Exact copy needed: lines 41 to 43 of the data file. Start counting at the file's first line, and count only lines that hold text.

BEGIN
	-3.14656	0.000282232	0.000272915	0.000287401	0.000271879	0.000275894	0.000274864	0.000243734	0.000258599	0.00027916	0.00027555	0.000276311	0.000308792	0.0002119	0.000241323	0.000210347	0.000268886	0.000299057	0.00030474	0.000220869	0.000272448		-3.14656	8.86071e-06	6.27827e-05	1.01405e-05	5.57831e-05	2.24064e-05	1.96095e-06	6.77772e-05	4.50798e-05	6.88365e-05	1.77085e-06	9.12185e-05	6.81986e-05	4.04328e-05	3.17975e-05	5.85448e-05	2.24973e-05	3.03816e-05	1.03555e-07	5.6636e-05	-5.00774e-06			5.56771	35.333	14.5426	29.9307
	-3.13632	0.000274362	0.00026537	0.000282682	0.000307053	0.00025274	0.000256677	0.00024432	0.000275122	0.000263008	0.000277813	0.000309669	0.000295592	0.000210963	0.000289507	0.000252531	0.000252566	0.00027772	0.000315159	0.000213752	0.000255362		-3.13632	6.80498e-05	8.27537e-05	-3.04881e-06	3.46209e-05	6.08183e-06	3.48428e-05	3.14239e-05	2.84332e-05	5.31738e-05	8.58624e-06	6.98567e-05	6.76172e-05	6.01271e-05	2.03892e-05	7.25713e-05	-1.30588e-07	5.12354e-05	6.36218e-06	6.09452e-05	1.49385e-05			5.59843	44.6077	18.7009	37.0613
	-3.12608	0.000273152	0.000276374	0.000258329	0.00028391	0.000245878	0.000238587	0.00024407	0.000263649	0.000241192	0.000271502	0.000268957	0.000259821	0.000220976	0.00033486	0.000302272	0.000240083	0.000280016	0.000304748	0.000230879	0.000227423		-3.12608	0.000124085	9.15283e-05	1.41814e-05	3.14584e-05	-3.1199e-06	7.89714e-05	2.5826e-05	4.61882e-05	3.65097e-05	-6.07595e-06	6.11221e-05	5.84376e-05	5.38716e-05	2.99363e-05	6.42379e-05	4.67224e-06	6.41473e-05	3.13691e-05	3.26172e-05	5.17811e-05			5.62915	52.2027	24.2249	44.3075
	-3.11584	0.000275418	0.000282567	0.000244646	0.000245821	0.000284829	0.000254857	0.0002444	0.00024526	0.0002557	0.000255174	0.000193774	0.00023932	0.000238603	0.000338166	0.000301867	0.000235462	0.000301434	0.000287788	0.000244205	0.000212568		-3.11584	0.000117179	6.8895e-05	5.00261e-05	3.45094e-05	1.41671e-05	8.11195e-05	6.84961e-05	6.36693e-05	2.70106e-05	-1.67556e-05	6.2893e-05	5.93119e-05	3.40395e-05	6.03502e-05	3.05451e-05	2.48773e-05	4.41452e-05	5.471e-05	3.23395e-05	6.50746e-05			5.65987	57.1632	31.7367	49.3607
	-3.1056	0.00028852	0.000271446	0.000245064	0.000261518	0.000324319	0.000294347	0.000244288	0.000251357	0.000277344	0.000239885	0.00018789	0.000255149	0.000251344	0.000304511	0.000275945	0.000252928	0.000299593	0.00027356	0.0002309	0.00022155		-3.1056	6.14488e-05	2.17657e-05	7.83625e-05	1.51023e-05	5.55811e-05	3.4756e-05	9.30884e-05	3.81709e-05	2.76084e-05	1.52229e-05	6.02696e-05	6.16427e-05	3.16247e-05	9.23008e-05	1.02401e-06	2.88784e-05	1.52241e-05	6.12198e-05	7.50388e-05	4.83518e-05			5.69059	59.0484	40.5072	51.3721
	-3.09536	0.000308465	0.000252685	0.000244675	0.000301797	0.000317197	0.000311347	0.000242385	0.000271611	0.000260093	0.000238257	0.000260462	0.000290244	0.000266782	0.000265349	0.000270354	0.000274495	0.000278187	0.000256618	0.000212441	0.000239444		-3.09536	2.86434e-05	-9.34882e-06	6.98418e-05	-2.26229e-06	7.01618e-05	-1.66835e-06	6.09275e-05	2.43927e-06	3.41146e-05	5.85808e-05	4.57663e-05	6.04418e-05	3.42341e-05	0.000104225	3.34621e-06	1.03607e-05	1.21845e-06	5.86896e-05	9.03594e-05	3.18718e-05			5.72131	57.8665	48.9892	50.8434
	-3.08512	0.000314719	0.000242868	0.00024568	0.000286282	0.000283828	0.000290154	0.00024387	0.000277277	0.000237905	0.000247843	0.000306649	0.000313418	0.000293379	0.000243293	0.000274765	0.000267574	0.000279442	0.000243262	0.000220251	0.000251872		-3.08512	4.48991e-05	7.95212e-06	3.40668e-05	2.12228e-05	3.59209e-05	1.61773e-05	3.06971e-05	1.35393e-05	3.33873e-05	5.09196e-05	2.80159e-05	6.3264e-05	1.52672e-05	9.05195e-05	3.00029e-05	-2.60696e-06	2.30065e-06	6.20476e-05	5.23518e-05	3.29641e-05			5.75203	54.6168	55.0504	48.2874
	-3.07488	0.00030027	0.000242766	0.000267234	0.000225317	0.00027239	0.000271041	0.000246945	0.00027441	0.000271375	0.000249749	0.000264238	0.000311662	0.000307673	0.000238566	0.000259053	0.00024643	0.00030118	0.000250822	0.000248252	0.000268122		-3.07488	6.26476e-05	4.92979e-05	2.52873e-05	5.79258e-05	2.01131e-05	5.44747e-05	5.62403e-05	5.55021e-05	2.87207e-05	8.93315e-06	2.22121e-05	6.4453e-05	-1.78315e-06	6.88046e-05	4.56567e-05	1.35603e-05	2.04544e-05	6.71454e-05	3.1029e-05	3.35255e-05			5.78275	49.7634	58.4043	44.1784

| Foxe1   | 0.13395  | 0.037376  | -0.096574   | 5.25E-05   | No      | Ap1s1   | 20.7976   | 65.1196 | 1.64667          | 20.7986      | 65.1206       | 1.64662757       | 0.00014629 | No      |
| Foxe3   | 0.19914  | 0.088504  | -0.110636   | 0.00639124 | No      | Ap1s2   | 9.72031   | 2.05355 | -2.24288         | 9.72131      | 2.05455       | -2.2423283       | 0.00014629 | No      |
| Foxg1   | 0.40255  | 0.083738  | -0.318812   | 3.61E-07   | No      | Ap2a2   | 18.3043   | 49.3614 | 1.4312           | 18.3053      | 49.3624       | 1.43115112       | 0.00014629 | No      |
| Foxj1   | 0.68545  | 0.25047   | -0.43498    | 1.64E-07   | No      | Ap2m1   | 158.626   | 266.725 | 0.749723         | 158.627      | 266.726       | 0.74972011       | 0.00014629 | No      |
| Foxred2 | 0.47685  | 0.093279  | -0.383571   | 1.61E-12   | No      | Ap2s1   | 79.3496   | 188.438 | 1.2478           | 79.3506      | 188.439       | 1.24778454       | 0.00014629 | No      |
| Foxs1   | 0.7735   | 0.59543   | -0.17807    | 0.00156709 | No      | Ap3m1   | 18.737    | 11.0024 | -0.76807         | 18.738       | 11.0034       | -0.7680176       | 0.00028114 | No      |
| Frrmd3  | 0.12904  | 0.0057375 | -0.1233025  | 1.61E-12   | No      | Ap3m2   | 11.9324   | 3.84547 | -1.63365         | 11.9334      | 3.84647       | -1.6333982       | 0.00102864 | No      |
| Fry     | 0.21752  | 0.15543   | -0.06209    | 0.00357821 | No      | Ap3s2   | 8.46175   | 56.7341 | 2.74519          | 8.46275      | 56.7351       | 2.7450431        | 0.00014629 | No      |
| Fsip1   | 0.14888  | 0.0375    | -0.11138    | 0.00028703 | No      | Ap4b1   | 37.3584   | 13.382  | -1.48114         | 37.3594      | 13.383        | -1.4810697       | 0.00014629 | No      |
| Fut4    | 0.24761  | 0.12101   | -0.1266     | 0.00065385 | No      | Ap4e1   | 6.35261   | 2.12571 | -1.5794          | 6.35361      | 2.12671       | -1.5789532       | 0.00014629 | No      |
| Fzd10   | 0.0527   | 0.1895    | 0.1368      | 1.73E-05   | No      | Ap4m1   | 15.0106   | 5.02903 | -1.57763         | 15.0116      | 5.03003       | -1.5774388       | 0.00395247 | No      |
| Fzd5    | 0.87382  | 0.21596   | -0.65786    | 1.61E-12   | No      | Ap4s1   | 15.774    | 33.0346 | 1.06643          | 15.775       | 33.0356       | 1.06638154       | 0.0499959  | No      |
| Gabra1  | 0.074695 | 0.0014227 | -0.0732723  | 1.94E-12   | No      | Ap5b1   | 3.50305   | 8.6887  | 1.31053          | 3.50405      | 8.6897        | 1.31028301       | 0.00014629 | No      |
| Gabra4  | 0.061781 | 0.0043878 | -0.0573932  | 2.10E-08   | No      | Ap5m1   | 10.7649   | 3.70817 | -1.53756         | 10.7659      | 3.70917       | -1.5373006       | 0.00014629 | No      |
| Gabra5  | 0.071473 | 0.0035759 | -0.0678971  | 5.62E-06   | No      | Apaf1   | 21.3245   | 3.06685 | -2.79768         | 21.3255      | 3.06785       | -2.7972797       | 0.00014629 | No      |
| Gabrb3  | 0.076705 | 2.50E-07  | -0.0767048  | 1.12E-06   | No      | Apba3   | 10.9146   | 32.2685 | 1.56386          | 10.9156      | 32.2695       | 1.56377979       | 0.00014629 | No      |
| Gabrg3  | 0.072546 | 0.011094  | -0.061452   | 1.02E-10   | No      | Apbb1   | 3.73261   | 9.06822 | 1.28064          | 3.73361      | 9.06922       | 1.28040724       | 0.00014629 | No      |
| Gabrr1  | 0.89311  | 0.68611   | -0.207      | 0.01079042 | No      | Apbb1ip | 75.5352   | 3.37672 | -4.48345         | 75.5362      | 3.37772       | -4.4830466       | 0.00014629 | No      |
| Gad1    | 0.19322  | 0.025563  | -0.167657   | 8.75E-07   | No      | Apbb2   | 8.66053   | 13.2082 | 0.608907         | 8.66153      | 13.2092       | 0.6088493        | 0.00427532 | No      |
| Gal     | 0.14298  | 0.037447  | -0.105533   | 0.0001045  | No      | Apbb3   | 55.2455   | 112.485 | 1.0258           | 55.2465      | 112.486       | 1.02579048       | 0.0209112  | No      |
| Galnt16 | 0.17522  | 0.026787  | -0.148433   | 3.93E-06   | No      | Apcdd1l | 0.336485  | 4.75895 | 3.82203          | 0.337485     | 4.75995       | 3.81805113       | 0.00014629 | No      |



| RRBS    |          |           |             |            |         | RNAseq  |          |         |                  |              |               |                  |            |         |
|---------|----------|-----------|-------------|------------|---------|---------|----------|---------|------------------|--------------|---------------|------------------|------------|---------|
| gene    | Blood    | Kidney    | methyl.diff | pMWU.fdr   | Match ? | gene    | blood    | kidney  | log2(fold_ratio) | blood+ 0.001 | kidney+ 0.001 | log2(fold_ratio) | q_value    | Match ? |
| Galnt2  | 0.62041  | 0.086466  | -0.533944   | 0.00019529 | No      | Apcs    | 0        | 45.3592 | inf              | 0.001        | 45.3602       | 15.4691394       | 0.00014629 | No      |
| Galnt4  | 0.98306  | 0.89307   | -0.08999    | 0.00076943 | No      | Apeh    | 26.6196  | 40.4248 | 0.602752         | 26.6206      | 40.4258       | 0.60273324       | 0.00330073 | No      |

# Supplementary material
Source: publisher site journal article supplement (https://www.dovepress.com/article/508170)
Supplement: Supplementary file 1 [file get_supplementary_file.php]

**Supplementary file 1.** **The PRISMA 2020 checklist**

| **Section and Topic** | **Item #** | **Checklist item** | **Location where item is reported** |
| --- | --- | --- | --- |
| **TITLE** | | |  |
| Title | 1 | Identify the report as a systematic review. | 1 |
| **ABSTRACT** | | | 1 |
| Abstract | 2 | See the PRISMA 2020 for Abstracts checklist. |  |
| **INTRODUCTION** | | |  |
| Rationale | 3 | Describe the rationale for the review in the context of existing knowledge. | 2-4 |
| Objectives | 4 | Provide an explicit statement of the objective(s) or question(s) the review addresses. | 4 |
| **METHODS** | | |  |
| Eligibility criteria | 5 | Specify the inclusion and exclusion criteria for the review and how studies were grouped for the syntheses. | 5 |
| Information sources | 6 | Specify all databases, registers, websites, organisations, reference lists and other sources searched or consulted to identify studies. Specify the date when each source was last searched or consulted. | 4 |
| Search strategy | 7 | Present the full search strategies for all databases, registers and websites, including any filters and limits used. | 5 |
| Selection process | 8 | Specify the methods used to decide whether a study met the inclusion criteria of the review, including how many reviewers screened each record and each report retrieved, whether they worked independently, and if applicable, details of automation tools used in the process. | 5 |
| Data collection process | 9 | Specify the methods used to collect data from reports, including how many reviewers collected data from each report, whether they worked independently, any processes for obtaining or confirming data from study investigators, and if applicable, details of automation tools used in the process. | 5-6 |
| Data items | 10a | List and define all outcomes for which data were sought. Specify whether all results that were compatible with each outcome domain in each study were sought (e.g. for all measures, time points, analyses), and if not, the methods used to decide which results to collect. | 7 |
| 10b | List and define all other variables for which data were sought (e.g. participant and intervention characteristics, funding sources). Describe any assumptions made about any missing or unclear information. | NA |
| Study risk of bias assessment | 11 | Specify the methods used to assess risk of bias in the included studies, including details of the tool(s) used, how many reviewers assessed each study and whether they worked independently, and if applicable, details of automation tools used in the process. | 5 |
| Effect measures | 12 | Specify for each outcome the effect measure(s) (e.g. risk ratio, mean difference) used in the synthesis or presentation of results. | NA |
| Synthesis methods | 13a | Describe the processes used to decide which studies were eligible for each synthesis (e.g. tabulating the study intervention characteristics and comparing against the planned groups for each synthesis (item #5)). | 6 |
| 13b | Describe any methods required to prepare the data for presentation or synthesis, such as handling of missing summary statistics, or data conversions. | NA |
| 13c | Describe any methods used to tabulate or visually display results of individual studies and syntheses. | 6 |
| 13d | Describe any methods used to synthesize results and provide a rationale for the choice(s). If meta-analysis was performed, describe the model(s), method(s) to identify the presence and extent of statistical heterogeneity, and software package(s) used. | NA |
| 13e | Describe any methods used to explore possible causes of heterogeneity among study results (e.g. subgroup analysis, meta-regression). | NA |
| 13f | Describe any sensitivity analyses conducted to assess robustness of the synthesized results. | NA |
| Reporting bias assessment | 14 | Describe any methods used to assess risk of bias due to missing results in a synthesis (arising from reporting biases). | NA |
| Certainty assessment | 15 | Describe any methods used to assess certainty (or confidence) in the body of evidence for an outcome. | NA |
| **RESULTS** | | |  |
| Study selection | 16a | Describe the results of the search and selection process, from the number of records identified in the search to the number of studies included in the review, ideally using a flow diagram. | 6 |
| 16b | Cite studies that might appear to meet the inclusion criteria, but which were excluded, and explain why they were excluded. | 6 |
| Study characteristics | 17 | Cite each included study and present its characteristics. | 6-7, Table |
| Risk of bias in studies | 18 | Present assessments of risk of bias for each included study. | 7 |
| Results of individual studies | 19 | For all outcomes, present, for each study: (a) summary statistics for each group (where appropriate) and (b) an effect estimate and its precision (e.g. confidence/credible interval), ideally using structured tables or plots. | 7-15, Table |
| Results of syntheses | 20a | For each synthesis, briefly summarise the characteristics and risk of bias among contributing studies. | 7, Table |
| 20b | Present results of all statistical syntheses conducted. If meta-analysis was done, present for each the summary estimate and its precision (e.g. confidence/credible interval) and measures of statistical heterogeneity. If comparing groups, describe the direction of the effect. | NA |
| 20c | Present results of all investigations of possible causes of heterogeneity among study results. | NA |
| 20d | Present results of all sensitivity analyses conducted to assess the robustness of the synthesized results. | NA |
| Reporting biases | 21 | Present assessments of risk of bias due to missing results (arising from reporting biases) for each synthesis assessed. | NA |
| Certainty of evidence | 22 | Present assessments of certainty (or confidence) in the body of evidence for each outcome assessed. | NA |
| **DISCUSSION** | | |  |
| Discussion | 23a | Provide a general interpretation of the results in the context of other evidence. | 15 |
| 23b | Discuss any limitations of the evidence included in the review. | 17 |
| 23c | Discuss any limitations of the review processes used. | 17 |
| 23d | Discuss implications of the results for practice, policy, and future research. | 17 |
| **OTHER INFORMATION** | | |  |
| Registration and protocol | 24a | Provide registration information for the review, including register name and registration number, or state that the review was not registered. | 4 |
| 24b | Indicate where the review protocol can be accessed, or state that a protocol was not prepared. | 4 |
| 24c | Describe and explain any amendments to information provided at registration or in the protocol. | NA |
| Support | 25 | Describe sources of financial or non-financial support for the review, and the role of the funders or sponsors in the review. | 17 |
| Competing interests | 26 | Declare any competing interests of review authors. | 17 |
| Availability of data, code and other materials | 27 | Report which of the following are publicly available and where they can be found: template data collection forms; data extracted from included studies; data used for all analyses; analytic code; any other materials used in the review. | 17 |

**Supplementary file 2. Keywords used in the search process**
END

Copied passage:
| **TITLE** | | |  |
| Title | 1 | Identify the report as a systematic review. | 1 |
| **ABSTRACT** | | | 1 |